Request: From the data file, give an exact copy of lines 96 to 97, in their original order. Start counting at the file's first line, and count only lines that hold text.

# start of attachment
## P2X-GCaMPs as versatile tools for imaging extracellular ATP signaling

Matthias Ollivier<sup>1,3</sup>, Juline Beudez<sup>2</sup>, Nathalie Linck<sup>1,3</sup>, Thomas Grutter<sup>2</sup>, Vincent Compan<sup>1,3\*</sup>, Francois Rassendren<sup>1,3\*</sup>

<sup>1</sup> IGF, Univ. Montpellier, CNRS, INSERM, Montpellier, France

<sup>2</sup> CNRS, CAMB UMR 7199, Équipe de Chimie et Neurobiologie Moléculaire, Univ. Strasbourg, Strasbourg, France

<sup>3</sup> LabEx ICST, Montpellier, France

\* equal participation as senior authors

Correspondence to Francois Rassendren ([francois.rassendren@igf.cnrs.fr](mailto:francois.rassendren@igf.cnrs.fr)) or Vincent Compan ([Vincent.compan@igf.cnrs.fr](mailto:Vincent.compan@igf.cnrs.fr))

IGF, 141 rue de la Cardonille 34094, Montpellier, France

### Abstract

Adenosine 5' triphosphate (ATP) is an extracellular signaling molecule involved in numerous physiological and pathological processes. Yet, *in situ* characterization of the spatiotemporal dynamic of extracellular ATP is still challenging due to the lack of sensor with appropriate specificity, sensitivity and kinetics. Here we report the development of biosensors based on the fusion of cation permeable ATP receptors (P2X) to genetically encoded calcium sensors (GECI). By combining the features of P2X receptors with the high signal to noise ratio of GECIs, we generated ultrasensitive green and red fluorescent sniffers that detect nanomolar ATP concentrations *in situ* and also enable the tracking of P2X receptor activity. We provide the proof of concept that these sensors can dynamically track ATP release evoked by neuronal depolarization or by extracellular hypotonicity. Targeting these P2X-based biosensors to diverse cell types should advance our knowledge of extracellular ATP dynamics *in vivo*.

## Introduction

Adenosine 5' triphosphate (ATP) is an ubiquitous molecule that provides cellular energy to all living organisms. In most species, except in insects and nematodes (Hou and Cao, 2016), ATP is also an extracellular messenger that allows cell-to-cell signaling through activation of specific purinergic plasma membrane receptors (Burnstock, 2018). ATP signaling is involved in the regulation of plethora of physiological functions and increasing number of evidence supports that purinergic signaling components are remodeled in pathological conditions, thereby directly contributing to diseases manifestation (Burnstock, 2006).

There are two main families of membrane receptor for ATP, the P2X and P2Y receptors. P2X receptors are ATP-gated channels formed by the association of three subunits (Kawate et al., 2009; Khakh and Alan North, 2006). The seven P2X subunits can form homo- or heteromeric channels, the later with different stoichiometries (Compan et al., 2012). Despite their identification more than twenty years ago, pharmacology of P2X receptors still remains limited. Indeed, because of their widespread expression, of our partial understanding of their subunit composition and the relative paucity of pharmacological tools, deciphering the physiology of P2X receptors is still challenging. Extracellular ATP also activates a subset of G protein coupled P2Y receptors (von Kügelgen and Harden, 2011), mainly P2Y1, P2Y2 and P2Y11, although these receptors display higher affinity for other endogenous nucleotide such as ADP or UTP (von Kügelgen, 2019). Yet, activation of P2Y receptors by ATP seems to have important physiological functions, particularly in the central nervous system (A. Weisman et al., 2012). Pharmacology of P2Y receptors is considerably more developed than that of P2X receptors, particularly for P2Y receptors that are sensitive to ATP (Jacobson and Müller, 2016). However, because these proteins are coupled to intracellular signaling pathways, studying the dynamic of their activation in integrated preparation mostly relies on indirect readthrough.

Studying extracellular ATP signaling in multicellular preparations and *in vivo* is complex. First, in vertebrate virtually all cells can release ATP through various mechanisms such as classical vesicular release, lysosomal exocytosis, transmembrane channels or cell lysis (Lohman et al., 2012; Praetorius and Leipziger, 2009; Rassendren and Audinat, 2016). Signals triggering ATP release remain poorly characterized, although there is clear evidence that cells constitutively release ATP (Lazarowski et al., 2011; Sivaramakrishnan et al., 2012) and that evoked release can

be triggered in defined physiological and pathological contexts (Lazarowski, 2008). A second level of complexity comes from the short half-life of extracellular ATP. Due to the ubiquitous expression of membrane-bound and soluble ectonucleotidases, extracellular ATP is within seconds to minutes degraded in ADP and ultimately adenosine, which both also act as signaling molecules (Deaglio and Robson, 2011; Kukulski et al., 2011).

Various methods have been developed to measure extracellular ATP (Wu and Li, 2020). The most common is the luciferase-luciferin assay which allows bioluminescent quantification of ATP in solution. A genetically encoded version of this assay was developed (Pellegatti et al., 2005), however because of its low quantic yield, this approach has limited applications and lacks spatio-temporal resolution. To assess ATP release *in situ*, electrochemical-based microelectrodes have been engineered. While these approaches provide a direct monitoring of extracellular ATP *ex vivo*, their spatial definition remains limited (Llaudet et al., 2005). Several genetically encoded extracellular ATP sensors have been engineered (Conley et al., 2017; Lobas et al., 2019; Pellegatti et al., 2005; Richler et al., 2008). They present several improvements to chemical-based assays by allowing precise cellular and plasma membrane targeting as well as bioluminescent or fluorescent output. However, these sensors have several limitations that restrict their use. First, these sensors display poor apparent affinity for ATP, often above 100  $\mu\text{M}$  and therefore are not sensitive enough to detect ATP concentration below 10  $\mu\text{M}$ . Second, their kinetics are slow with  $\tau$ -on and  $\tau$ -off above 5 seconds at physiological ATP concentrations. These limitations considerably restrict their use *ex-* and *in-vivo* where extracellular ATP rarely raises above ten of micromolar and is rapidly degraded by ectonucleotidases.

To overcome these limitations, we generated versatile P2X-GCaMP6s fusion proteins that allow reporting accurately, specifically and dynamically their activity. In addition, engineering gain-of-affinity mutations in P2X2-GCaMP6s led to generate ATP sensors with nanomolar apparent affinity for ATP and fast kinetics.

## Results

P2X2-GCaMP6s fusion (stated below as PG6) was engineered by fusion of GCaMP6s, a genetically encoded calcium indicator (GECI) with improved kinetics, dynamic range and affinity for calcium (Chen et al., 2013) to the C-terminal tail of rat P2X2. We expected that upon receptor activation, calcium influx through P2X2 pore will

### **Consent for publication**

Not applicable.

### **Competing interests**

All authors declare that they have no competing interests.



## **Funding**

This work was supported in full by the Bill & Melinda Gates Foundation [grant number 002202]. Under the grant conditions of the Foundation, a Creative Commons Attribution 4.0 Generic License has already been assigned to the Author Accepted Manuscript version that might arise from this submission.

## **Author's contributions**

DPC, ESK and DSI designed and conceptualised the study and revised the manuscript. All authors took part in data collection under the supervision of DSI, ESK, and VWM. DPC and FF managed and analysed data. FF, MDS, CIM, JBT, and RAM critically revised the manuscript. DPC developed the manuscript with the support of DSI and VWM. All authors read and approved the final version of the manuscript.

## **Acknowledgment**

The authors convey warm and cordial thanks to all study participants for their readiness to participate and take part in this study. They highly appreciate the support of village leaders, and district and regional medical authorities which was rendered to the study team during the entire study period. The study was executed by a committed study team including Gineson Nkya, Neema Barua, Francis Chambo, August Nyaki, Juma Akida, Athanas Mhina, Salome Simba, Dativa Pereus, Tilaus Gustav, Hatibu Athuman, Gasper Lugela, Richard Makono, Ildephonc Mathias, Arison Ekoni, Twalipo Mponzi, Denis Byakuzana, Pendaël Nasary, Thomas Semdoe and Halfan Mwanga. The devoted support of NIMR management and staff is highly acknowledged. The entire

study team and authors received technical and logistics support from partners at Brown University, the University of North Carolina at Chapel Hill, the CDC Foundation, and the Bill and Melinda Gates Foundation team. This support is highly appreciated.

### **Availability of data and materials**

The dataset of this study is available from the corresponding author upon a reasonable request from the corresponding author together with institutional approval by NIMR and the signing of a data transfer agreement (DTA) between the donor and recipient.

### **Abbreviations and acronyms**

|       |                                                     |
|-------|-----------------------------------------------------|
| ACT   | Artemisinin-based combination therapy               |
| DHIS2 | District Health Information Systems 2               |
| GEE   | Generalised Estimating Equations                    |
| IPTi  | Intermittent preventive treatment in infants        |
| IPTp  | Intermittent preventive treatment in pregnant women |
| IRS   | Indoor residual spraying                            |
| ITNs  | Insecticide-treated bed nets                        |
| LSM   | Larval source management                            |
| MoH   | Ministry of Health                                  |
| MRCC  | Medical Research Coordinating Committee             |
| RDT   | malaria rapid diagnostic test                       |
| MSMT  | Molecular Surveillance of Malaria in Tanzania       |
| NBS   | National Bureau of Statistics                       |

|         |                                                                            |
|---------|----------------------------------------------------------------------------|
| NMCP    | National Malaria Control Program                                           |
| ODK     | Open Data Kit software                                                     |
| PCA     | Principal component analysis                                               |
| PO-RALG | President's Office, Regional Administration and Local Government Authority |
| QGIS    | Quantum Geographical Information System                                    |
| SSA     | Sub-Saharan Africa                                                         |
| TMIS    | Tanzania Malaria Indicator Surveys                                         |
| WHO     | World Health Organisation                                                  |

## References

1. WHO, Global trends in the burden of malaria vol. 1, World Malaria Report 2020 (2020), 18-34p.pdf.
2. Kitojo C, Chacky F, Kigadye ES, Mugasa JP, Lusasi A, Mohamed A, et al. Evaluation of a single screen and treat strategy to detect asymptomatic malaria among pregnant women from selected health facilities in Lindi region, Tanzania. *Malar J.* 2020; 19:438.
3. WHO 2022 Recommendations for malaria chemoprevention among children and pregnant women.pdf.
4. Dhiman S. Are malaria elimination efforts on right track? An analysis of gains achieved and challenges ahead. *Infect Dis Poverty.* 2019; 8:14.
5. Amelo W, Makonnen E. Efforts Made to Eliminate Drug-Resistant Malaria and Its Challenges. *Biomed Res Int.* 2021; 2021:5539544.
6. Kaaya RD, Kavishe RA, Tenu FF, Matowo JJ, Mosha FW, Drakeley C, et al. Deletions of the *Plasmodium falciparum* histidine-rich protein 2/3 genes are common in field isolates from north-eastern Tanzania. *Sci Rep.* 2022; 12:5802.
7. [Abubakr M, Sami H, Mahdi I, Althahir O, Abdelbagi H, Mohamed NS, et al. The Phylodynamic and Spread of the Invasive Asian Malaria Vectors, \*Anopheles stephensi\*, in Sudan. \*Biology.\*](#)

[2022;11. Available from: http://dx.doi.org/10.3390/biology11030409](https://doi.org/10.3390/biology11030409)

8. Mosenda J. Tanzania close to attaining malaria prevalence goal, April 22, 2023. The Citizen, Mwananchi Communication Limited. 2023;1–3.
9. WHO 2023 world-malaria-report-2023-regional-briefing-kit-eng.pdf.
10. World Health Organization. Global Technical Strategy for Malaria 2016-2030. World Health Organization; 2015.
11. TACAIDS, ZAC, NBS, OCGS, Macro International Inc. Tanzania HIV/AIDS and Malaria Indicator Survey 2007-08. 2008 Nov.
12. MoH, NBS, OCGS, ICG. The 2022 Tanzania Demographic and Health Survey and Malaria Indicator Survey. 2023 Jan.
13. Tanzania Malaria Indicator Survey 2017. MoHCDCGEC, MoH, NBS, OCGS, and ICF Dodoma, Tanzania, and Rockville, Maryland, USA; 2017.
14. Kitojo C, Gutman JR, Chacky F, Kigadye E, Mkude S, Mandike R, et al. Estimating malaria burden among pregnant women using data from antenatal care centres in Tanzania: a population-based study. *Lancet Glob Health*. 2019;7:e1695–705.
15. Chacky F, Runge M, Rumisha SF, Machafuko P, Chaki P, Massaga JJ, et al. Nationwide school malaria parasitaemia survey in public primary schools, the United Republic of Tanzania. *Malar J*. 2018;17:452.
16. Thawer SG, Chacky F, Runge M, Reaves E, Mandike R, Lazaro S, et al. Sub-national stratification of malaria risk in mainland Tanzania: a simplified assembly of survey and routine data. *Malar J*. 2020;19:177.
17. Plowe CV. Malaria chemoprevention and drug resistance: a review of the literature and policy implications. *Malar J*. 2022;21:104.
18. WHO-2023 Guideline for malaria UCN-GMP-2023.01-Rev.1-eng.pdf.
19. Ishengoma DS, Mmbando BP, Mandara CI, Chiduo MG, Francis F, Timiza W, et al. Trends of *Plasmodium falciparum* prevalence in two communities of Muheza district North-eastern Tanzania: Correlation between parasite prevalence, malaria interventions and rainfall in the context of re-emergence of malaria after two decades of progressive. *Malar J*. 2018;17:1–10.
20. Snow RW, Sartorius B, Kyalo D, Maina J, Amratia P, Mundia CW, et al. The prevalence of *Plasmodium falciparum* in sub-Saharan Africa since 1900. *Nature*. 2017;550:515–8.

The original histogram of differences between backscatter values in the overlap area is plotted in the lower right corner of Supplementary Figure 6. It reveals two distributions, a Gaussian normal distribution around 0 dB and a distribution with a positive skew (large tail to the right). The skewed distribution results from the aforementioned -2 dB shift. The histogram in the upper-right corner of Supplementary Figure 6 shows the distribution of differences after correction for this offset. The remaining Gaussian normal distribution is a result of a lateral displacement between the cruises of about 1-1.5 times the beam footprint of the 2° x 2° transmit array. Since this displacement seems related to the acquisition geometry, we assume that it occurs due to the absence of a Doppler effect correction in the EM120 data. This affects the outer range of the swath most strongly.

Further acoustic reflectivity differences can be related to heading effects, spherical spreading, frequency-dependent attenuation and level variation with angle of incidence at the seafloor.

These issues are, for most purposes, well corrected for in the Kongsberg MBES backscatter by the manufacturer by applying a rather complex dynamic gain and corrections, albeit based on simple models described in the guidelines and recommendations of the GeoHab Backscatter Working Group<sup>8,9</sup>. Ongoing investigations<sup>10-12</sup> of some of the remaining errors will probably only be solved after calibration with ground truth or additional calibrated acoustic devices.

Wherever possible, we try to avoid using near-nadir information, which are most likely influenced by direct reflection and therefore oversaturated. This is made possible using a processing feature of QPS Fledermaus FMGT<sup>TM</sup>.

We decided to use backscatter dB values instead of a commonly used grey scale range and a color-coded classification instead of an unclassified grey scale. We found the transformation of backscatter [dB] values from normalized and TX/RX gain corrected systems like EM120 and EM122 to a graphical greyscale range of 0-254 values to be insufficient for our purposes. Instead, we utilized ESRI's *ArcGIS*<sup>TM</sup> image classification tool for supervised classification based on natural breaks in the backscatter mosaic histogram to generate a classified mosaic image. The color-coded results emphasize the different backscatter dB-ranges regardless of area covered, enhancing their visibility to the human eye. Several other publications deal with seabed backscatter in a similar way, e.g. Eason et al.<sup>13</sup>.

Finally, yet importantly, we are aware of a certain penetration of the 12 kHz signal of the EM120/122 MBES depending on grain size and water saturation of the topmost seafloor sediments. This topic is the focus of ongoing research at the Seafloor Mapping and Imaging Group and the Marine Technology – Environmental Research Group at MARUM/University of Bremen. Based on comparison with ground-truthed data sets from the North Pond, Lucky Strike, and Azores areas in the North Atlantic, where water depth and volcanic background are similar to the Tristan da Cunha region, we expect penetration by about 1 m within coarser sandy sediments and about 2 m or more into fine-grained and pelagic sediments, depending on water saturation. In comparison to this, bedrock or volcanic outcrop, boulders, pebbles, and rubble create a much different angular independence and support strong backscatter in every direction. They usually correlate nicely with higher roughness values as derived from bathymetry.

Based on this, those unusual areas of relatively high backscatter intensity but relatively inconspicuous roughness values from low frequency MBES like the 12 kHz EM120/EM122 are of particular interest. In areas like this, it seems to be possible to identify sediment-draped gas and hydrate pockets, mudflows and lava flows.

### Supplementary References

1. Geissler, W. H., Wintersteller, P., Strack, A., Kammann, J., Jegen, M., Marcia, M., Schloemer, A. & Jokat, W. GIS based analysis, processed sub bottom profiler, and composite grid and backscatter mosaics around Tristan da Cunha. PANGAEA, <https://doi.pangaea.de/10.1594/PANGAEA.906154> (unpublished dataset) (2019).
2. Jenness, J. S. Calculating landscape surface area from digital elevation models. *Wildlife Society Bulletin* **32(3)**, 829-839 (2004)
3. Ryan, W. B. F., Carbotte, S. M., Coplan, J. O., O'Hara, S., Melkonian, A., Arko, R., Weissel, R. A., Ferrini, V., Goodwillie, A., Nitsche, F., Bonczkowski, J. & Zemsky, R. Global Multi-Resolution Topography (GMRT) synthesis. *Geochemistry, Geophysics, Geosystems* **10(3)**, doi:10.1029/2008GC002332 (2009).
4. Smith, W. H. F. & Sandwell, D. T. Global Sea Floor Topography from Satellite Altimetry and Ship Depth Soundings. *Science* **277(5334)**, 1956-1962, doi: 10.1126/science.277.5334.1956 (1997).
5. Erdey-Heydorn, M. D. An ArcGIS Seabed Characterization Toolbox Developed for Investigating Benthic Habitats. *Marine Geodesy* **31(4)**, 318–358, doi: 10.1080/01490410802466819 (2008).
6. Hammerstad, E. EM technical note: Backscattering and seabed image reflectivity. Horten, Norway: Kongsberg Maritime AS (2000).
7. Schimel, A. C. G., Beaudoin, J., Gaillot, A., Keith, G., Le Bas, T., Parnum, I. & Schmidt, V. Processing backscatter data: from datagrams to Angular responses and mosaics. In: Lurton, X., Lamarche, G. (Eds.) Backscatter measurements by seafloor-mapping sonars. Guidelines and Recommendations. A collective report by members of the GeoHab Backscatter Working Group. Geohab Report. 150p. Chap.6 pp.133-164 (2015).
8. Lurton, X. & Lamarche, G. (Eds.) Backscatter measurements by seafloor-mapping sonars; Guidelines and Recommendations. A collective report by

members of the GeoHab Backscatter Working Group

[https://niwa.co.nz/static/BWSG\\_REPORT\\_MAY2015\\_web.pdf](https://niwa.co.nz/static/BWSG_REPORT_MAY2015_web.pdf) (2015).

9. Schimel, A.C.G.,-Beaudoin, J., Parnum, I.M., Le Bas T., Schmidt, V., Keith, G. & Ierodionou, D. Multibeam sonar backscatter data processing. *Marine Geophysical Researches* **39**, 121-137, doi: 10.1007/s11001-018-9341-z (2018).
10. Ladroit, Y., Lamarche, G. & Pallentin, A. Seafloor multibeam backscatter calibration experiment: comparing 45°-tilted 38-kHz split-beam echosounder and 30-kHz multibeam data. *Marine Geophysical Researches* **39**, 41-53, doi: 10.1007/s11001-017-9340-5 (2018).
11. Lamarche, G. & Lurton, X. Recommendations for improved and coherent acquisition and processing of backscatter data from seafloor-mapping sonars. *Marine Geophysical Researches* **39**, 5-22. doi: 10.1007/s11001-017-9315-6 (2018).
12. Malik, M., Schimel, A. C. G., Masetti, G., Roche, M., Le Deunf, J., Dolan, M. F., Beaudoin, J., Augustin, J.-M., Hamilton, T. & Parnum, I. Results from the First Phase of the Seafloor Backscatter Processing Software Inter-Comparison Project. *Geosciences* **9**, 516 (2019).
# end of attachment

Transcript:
8. Lurton, X. & Lamarche, G. (Eds.) Backscatter measurements by seafloor-mapping sonars; Guidelines and Recommendations. A collective report by

members of the GeoHab Backscatter Working Group